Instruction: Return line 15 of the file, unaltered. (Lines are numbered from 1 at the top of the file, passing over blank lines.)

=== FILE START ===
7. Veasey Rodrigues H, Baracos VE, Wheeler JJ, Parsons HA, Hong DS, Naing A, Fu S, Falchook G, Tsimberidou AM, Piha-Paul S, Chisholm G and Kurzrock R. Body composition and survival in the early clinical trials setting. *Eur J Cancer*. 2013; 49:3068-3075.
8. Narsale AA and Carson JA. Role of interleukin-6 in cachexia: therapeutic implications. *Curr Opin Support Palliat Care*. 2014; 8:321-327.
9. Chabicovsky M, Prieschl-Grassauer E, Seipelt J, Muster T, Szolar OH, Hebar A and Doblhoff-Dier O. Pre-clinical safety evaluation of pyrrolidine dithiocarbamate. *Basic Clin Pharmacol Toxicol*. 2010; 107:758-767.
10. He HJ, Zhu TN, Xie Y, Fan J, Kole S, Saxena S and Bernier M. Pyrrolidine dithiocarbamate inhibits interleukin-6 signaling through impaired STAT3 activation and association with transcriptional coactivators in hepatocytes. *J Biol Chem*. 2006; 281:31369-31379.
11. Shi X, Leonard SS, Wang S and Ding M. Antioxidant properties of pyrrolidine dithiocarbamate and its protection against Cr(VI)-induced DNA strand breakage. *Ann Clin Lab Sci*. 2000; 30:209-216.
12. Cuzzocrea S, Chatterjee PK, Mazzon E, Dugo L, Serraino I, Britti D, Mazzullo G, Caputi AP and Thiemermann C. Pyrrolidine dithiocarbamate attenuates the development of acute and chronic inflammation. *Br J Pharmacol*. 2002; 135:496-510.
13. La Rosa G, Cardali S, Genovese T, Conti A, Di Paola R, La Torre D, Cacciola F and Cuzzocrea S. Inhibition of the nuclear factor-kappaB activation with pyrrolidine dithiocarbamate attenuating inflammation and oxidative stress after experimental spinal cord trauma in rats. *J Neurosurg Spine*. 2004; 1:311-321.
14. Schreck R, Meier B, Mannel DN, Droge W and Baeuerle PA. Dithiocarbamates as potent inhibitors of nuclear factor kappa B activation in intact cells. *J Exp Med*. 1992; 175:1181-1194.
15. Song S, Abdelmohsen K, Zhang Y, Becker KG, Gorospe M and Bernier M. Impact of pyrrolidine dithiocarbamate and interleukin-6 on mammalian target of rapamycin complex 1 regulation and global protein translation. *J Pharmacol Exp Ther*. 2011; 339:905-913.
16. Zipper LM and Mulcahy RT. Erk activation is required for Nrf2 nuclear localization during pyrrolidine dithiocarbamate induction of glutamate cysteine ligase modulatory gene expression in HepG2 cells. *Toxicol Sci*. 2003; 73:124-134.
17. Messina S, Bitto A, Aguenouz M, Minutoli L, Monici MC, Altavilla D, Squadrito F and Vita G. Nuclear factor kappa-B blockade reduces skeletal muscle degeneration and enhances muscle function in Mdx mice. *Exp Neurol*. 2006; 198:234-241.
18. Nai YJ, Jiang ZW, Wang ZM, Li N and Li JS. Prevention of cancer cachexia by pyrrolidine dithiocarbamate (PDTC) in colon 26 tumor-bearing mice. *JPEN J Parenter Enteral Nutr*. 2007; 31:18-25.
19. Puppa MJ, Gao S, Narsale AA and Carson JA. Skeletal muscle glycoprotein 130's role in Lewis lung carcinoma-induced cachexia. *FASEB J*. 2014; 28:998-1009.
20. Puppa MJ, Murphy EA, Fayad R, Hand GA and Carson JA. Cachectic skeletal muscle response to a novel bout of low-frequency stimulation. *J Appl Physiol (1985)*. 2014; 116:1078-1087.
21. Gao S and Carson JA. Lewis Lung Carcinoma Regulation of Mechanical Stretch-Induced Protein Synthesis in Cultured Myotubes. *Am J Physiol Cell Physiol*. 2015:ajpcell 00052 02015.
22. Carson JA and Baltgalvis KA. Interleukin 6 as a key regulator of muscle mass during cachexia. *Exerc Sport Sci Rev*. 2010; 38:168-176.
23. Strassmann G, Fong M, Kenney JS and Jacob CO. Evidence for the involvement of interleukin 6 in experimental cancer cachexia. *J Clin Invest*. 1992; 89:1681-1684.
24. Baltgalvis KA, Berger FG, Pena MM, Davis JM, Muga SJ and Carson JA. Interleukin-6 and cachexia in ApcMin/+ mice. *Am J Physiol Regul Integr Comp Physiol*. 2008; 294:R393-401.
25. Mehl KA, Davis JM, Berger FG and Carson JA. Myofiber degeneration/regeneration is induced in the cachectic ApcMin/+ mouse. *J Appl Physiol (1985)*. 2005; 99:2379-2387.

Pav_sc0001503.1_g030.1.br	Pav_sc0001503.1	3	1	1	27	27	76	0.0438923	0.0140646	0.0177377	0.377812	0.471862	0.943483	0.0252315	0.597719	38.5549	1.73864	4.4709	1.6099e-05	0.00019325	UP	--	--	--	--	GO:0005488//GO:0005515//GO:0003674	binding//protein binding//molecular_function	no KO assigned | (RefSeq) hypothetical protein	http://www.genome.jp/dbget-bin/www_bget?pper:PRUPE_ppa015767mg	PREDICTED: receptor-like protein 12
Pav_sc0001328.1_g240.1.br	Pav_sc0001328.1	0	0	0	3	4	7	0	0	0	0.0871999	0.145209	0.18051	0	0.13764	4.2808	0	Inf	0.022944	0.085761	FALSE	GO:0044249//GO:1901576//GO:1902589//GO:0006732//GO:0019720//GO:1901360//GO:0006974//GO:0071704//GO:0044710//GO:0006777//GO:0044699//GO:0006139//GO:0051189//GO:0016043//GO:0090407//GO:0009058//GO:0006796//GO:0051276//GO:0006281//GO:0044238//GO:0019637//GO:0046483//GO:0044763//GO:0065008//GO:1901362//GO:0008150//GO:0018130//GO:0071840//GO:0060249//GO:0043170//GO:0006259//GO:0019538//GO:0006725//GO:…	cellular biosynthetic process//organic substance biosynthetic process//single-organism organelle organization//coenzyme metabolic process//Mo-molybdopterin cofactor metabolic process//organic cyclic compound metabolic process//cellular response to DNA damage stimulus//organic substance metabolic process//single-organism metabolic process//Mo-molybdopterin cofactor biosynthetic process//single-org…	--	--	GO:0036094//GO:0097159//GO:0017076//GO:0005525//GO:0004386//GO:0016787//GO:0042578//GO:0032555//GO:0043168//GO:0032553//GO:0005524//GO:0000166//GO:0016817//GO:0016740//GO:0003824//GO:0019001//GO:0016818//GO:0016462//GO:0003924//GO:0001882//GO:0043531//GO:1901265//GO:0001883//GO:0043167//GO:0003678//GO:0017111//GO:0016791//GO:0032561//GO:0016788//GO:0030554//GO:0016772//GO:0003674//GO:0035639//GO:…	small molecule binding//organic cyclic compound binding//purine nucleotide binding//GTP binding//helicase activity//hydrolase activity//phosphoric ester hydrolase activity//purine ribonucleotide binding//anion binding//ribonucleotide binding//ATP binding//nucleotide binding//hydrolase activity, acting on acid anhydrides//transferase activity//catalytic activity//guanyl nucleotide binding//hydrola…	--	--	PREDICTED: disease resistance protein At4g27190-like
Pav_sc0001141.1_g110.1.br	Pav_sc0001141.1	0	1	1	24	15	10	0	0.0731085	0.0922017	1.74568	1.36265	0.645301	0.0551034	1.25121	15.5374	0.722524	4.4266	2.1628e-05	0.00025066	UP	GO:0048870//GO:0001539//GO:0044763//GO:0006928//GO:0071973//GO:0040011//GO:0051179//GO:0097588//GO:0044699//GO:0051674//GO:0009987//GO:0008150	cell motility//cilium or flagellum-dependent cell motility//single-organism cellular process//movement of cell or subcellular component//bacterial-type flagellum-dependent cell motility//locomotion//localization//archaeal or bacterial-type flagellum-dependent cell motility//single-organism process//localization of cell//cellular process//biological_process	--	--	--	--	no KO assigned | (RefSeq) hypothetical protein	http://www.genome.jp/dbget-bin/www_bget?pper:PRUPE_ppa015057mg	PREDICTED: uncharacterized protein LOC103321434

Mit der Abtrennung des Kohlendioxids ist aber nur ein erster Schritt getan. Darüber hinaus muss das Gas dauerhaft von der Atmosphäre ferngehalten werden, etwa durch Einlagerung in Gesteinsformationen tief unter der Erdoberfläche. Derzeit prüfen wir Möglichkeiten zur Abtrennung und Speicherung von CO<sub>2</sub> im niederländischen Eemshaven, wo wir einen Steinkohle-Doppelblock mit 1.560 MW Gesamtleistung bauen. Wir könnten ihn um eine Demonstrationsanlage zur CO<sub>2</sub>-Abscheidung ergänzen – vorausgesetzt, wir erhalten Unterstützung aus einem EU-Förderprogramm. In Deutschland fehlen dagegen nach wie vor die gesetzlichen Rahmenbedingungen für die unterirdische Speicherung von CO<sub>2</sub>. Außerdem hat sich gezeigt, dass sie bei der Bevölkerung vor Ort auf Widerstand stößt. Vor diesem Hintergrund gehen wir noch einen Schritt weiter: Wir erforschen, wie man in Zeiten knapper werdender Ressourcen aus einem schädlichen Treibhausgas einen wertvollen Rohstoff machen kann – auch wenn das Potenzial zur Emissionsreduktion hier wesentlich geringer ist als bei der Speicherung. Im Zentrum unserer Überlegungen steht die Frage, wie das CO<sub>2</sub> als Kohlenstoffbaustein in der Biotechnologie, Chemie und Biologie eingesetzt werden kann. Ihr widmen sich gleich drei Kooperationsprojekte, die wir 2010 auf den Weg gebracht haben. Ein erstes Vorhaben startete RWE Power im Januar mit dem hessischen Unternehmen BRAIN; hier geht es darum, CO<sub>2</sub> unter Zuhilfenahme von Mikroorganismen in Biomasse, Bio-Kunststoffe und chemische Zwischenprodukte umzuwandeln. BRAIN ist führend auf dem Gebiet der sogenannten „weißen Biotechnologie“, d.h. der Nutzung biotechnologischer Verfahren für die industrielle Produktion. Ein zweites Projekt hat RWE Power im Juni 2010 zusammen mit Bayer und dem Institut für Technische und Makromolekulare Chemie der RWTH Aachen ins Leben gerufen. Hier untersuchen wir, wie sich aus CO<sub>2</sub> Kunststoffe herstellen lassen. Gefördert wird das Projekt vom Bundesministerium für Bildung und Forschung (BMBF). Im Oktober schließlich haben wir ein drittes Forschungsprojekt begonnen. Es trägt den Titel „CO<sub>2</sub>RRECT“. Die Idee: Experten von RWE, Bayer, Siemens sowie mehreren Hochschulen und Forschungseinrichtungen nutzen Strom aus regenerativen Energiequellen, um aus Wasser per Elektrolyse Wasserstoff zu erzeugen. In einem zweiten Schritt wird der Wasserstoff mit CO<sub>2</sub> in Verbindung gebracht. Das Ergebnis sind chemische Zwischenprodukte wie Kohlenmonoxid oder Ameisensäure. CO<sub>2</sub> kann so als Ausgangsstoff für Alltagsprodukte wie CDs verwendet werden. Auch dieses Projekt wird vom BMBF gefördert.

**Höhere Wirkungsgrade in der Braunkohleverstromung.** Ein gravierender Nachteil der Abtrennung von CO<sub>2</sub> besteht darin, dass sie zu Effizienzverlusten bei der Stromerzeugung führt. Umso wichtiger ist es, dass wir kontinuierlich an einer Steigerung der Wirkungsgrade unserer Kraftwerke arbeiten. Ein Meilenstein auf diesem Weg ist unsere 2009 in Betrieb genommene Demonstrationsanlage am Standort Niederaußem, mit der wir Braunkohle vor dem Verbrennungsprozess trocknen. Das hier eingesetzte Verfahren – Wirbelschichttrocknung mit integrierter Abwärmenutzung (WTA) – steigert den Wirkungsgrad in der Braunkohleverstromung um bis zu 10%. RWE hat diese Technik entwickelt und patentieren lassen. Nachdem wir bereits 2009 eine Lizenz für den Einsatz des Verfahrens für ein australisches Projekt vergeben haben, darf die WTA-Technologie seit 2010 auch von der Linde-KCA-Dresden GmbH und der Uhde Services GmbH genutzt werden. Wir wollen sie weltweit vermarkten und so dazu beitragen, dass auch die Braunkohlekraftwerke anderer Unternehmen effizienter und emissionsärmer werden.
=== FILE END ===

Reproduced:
21. Gao S and Carson JA. Lewis Lung Carcinoma Regulation of Mechanical Stretch-Induced Protein Synthesis in Cultured Myotubes. *Am J Physiol Cell Physiol*. 2015:ajpcell 00052 02015.